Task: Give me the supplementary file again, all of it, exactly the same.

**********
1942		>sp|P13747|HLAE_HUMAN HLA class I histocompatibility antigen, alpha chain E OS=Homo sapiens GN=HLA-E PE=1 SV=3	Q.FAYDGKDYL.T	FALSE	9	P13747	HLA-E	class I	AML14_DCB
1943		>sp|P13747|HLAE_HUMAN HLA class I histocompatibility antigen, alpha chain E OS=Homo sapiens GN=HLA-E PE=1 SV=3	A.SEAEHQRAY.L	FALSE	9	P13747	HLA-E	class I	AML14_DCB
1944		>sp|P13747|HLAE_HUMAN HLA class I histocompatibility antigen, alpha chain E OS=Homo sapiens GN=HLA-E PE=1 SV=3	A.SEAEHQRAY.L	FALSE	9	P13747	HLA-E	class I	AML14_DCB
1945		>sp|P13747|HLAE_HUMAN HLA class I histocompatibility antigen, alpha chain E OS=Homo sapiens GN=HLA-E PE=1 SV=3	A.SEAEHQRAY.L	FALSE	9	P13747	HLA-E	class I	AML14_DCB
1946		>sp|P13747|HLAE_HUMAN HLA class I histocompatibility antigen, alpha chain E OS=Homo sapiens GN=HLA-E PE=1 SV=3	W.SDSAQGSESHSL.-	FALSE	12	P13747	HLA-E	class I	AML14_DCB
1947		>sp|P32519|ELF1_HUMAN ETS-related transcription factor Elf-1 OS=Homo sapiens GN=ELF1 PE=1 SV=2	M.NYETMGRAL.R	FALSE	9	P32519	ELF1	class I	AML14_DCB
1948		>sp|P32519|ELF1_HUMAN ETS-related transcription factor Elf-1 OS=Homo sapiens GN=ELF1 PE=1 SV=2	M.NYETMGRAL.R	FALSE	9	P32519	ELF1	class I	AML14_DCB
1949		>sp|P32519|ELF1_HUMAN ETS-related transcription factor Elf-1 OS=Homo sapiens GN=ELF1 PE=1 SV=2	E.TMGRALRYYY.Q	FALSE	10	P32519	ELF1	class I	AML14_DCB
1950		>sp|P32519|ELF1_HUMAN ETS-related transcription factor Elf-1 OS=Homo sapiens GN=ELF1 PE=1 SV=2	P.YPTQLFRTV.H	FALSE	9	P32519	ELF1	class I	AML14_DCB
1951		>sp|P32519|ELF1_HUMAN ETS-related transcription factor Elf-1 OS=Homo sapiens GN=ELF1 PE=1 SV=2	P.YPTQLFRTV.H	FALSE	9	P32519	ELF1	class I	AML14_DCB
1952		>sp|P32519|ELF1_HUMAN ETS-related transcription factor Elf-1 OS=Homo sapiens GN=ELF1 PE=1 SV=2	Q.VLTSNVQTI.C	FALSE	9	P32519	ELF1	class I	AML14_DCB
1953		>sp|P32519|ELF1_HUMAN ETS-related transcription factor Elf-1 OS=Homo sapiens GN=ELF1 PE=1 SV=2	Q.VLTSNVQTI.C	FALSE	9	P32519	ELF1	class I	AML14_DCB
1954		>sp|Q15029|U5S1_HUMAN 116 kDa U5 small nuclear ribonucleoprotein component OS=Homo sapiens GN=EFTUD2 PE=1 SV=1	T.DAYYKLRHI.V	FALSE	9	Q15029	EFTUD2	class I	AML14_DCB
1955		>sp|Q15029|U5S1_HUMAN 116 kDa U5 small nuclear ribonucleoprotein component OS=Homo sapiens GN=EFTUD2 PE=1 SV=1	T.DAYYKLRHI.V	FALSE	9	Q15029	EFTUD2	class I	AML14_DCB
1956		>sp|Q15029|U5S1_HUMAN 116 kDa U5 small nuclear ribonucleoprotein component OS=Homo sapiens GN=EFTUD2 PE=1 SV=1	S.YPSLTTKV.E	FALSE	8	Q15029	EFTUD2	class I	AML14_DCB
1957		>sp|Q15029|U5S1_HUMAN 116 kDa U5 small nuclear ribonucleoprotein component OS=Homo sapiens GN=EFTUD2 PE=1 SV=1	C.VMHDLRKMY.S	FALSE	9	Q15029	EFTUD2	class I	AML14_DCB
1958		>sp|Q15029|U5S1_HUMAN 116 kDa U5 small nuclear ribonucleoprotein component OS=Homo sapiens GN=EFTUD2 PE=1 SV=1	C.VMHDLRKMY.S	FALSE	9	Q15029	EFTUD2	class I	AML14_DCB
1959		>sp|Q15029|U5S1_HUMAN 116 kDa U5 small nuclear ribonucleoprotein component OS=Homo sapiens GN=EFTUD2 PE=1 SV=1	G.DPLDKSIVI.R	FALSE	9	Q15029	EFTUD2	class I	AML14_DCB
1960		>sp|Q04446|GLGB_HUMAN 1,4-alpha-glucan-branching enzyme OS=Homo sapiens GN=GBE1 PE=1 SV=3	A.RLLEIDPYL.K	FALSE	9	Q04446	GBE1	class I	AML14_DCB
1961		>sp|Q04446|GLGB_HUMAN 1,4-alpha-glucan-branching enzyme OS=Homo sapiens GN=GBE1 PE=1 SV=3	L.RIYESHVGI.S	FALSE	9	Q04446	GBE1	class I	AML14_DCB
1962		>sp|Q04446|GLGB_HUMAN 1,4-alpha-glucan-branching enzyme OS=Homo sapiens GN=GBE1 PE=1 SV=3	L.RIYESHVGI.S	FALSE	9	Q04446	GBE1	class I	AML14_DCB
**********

1942		>sp|P13747|HLAE_HUMAN HLA class I histocompatibility antigen, alpha chain E OS=Homo sapiens GN=HLA-E PE=1 SV=3	Q.FAYDGKDYL.T	FALSE	9	P13747	HLA-E	class I	AML14_DCB
1943		>sp|P13747|HLAE_HUMAN HLA class I histocompatibility antigen, alpha chain E OS=Homo sapiens GN=HLA-E PE=1 SV=3	A.SEAEHQRAY.L	FALSE	9	P13747	HLA-E	class I	AML14_DCB
1944		>sp|P13747|HLAE_HUMAN HLA class I histocompatibility antigen, alpha chain E OS=Homo sapiens GN=HLA-E PE=1 SV=3	A.SEAEHQRAY.L	FALSE	9	P13747	HLA-E	class I	AML14_DCB
1945		>sp|P13747|HLAE_HUMAN HLA class I histocompatibility antigen, alpha chain E OS=Homo sapiens GN=HLA-E PE=1 SV=3	A.SEAEHQRAY.L	FALSE	9	P13747	HLA-E	class I	AML14_DCB
1946		>sp|P13747|HLAE_HUMAN HLA class I histocompatibility antigen, alpha chain E OS=Homo sapiens GN=HLA-E PE=1 SV=3	W.SDSAQGSESHSL.-	FALSE	12	P13747	HLA-E	class I	AML14_DCB
1947		>sp|P32519|ELF1_HUMAN ETS-related transcription factor Elf-1 OS=Homo sapiens GN=ELF1 PE=1 SV=2	M.NYETMGRAL.R	FALSE	9	P32519	ELF1	class I	AML14_DCB
1948		>sp|P32519|ELF1_HUMAN ETS-related transcription factor Elf-1 OS=Homo sapiens GN=ELF1 PE=1 SV=2	M.NYETMGRAL.R	FALSE	9	P32519	ELF1	class I	AML14_DCB
1949		>sp|P32519|ELF1_HUMAN ETS-related transcription factor Elf-1 OS=Homo sapiens GN=ELF1 PE=1 SV=2	E.TMGRALRYYY.Q	FALSE	10	P32519	ELF1	class I	AML14_DCB
1950		>sp|P32519|ELF1_HUMAN ETS-related transcription factor Elf-1 OS=Homo sapiens GN=ELF1 PE=1 SV=2	P.YPTQLFRTV.H	FALSE	9	P32519	ELF1	class I	AML14_DCB
1951		>sp|P32519|ELF1_HUMAN ETS-related transcription factor Elf-1 OS=Homo sapiens GN=ELF1 PE=1 SV=2	P.YPTQLFRTV.H	FALSE	9	P32519	ELF1	class I	AML14_DCB
1952		>sp|P32519|ELF1_HUMAN ETS-related transcription factor Elf-1 OS=Homo sapiens GN=ELF1 PE=1 SV=2	Q.VLTSNVQTI.C	FALSE	9	P32519	ELF1	class I	AML14_DCB
1953		>sp|P32519|ELF1_HUMAN ETS-related transcription factor Elf-1 OS=Homo sapiens GN=ELF1 PE=1 SV=2	Q.VLTSNVQTI.C	FALSE	9	P32519	ELF1	class I	AML14_DCB
1954		>sp|Q15029|U5S1_HUMAN 116 kDa U5 small nuclear ribonucleoprotein component OS=Homo sapiens GN=EFTUD2 PE=1 SV=1	T.DAYYKLRHI.V	FALSE	9	Q15029	EFTUD2	class I	AML14_DCB
1955		>sp|Q15029|U5S1_HUMAN 116 kDa U5 small nuclear ribonucleoprotein component OS=Homo sapiens GN=EFTUD2 PE=1 SV=1	T.DAYYKLRHI.V	FALSE	9	Q15029	EFTUD2	class I	AML14_DCB
1956		>sp|Q15029|U5S1_HUMAN 116 kDa U5 small nuclear ribonucleoprotein component OS=Homo sapiens GN=EFTUD2 PE=1 SV=1	S.YPSLTTKV.E	FALSE	8	Q15029	EFTUD2	class I	AML14_DCB
1957		>sp|Q15029|U5S1_HUMAN 116 kDa U5 small nuclear ribonucleoprotein component OS=Homo sapiens GN=EFTUD2 PE=1 SV=1	C.VMHDLRKMY.S	FALSE	9	Q15029	EFTUD2	class I	AML14_DCB
1958		>sp|Q15029|U5S1_HUMAN 116 kDa U5 small nuclear ribonucleoprotein component OS=Homo sapiens GN=EFTUD2 PE=1 SV=1	C.VMHDLRKMY.S	FALSE	9	Q15029	EFTUD2	class I	AML14_DCB
1959		>sp|Q15029|U5S1_HUMAN 116 kDa U5 small nuclear ribonucleoprotein component OS=Homo sapiens GN=EFTUD2 PE=1 SV=1	G.DPLDKSIVI.R	FALSE	9	Q15029	EFTUD2	class I	AML14_DCB
1960		>sp|Q04446|GLGB_HUMAN 1,4-alpha-glucan-branching enzyme OS=Homo sapiens GN=GBE1 PE=1 SV=3	A.RLLEIDPYL.K	FALSE	9	Q04446	GBE1	class I	AML14_DCB
1961		>sp|Q04446|GLGB_HUMAN 1,4-alpha-glucan-branching enzyme OS=Homo sapiens GN=GBE1 PE=1 SV=3	L.RIYESHVGI.S	FALSE	9	Q04446	GBE1	class I	AML14_DCB
1962		>sp|Q04446|GLGB_HUMAN 1,4-alpha-glucan-branching enzyme OS=Homo sapiens GN=GBE1 PE=1 SV=3	L.RIYESHVGI.S	FALSE	9	Q04446	GBE1	class I	AML14_DCB